Ty Burr says he was the Beatle whose search for enlightenment -- both spiritual and musical -- lasted a lifetime

By Ty Burr
December 23, 2002 at 05:00 AM EST
Baron Wolman/Retna

Why the world will miss George Harrison

”I am not really ‘Beatle George,”’ he said once. ”’Beatle George’ is like a suit or shirt that I once wore on occasion, and until the end of my life people may see that shirt and mistake it for me.”

A churlish response to fame and fortune and fans? Of course not. Only four people ever knew what it was like to be a Beatle — to be, as John Lennon noted with ruinous accuracy, more popular than Jesus — and now two of them are dead. And while George Harrison followed his own path within that maelstrom from the beginning, everything he did, up until the moment that he died on Thursday afternoon in Los Angeles following a lengthy battle with cancer, was seen through the distorting lens of Fab Fourdom.

So is it surprising that he chafed and kept to himself, the ”Quiet Beatle” who, when asked during the post-breakup era if he had a message for Paul, hoisted his middle finger and said, ”Yeah, give him this”? And is it surprising that the musical roads Harrison followed on his own were pointedly individualistic, from the tumbling glories of Indian raga or the solo albums with their inward-pointing lyrics and crying guitarwork to the amassing of talented buddies for both charity (as in the Concert for Bangladesh) and amusement (as in the Traveling Wilburys)? Is it surprising that, of the four, George was the one who remained an open-hearted spiritual seeker to the end? Or that the first song he wrote for the Beatles was called ”Don’t Bother Me”?

When all is said and done, that may be the thing to remember about this man: that he was a very, very good songwriter who had the luck to be in a group with two of the all-time greats. Notice that I didn’t say whether that luck was good or bad; it went beyond that. But keep in mind that those other two songwriters could be hugely overpowering personalities; remember the recording-session scene from ”Let It Be” in which George bears up under Paul’s control-freak tendencies only to finally snap: ”Look, I’ll play whatever you want me to play, or I won’t play at all. Whatever it is that’ll please you, I’ll do it!”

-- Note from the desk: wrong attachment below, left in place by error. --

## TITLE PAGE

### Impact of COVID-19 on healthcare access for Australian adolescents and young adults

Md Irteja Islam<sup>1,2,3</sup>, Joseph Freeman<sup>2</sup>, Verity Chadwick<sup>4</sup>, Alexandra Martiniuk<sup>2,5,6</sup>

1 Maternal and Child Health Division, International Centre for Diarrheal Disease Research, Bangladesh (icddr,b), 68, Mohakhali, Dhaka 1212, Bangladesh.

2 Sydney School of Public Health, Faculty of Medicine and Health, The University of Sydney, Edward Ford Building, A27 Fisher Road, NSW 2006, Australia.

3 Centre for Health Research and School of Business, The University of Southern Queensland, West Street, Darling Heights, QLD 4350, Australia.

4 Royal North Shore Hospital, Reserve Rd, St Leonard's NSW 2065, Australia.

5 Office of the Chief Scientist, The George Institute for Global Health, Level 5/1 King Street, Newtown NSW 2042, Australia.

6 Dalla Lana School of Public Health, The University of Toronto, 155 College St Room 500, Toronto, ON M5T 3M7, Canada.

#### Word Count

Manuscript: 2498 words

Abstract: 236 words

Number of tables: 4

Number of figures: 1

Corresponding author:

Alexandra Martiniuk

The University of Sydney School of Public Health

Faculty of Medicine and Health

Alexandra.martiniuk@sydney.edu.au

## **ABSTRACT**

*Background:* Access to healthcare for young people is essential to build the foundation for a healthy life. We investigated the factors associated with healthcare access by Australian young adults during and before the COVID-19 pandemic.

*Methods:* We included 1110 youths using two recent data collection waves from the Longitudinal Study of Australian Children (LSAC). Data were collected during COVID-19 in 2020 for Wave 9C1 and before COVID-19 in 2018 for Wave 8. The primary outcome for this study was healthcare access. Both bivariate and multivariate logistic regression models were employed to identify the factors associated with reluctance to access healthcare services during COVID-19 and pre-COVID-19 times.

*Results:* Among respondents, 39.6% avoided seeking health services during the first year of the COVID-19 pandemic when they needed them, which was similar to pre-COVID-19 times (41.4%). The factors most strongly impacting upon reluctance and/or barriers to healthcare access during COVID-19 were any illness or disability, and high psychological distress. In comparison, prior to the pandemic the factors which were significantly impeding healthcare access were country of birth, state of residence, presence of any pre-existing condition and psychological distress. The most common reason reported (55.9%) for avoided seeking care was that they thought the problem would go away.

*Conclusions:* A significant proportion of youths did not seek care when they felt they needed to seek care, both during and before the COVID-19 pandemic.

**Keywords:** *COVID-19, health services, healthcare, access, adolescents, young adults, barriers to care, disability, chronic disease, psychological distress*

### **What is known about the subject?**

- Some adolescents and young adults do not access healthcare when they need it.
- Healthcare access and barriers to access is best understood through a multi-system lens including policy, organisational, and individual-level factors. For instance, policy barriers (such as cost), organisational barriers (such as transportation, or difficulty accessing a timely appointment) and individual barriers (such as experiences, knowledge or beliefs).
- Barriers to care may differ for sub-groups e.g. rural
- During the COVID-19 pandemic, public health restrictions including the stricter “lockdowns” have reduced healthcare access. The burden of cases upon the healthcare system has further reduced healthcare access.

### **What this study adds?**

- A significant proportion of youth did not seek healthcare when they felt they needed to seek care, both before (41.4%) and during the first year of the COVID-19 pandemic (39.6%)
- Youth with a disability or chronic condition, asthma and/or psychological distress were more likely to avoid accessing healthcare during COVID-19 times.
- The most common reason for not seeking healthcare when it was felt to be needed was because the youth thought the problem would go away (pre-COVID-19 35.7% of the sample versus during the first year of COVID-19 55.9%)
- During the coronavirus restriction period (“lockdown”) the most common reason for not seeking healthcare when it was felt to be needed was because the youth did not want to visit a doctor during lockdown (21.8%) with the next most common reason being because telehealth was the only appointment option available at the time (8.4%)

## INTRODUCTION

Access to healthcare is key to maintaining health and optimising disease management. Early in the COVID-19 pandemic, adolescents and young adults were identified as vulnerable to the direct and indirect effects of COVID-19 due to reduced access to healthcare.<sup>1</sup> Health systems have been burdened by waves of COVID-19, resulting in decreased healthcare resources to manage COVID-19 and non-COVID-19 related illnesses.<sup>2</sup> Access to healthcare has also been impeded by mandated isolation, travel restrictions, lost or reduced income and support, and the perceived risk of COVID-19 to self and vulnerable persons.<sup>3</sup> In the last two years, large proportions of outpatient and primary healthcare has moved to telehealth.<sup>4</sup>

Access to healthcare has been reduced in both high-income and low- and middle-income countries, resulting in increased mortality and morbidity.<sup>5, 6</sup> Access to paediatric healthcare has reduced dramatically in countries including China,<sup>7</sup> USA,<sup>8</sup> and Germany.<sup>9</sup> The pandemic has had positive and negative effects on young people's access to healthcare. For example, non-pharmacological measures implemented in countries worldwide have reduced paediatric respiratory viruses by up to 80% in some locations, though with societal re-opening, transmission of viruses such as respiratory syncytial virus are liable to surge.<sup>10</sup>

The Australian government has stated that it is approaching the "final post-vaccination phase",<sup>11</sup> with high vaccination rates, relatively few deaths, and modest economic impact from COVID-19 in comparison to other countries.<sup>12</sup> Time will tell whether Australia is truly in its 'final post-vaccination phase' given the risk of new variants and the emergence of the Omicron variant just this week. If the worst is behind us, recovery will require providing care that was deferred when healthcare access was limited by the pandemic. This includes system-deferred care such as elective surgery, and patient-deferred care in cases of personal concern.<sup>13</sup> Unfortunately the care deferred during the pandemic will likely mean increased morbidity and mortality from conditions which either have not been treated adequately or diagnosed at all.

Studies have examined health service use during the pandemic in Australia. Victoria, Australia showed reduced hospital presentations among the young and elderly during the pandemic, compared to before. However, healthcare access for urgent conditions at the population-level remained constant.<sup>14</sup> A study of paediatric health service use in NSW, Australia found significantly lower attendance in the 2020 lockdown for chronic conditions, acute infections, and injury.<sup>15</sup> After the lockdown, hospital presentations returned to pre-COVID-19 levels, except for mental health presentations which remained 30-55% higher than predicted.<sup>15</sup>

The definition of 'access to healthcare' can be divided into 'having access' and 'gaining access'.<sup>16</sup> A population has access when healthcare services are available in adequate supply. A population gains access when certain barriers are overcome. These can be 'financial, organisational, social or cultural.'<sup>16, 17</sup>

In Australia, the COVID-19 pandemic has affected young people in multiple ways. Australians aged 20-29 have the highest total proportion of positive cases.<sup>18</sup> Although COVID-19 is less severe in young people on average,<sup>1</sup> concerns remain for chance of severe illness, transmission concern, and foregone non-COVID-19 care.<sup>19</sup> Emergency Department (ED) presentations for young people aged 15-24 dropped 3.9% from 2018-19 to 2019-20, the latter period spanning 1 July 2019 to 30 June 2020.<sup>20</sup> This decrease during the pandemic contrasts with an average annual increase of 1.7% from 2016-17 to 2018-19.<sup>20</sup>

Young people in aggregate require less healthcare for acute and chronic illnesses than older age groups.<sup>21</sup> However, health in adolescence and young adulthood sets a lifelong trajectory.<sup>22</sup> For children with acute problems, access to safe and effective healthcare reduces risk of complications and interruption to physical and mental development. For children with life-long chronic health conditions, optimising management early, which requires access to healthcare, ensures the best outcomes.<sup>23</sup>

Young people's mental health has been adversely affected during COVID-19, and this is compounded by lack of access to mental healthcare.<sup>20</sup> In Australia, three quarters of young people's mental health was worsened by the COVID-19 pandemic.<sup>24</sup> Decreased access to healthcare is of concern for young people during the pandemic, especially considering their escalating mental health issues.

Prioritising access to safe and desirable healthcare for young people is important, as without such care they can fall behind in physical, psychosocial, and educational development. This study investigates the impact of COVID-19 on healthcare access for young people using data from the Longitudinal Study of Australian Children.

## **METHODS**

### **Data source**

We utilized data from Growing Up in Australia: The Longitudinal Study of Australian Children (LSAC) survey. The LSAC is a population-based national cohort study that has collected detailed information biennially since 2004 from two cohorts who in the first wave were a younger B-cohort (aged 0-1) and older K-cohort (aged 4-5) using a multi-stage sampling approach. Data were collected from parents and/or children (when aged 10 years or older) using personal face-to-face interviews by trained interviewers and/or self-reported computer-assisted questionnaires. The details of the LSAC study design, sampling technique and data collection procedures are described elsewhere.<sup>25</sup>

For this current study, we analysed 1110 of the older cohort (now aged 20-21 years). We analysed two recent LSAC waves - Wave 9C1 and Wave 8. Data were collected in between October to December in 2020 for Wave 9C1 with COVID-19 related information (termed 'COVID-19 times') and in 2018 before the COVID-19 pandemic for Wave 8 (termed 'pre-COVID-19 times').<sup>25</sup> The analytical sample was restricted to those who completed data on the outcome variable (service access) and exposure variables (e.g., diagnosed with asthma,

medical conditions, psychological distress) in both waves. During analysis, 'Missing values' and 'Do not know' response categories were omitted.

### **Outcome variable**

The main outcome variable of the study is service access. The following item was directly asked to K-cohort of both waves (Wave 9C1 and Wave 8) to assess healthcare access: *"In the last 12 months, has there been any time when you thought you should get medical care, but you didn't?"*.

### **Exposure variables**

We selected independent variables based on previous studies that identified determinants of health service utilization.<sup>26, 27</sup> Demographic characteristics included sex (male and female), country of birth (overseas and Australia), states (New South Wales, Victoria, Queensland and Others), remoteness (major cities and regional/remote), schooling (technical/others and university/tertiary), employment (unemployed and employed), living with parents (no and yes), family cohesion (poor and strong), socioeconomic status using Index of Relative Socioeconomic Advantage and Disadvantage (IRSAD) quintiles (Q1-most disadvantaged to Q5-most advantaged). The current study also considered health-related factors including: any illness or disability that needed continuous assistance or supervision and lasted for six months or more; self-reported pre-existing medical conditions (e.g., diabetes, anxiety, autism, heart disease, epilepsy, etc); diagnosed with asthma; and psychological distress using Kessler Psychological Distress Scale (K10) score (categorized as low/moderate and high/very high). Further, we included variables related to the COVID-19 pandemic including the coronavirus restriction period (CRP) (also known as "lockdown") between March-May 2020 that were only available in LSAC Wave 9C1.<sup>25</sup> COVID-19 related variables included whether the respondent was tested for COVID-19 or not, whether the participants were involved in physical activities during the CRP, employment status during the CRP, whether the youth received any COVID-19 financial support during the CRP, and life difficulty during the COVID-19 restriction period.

Harrison’s songs, likewise, bristle with a tart sense of self that had nothing to do with Lennon and McCartney. They could be deeply caustic, even chiding — ”Piggies,” ”Taxman,” ”Think for Yourself” — and they could also be deeply, simply emotive: ”Here Comes the Sun,” ”While My Guitar Gently Weeps,” ”I Need You.” His immersions in Indian music reflected an uncynical passion for spiritual release that fed into his pop work. Witness the glorious supernova guitar explosions of ”It’s All Too Much” on the ”Yellow Submarine” soundtrack. (And remember that song’s lyric: ”Show me that I’m everywhere/And get me home for tea” — George always was the most stalwartly British of the group.)

In fact, to listen to Harrison’s fretwork over the course of the Beatles’ seven-year career is to hear the emergence of not only a solo-guitar sound that would dominate pop music for years (and, yes, he was goosed by Eric Clapton, his longtime rival in love and war) but also a personal voice. That’s why George’s towering musical moment remains the somberly gorgeous ”All Things Must Pass” set: The wide-view world-weariness that he felt as he stood in the ashes of the Beatles reflected the exhaustion that EVERYBODY felt in 1971, and his gently weeping guitar solos finally spoke what he’d been keeping to himself for years.

Harrison once told a lovely anecdote about the first time he ever heard a rock & roll song: ”I can even see exactly where I was when I heard that,” he recalled. ”There was this little place near where I was born called Wavertree, a district. And right at that point there’s a thing called the Picton Clock Tower, this tower in the middle of the road with this clock on it, and then nearby there used to be this old art-deco cinema called the Abbey. I was just walking across the road there when I heard Fats Domino. ‘Yes, it’s me and I’m in love again!’ It must have been on a radio or a record player somewhere. And it touched somewhere deep in me.”

Like so much that was great about George Harrison, that memory fuses rock & roll noise with a more private enlightenment to create something far too big to fit in a Beatle suit.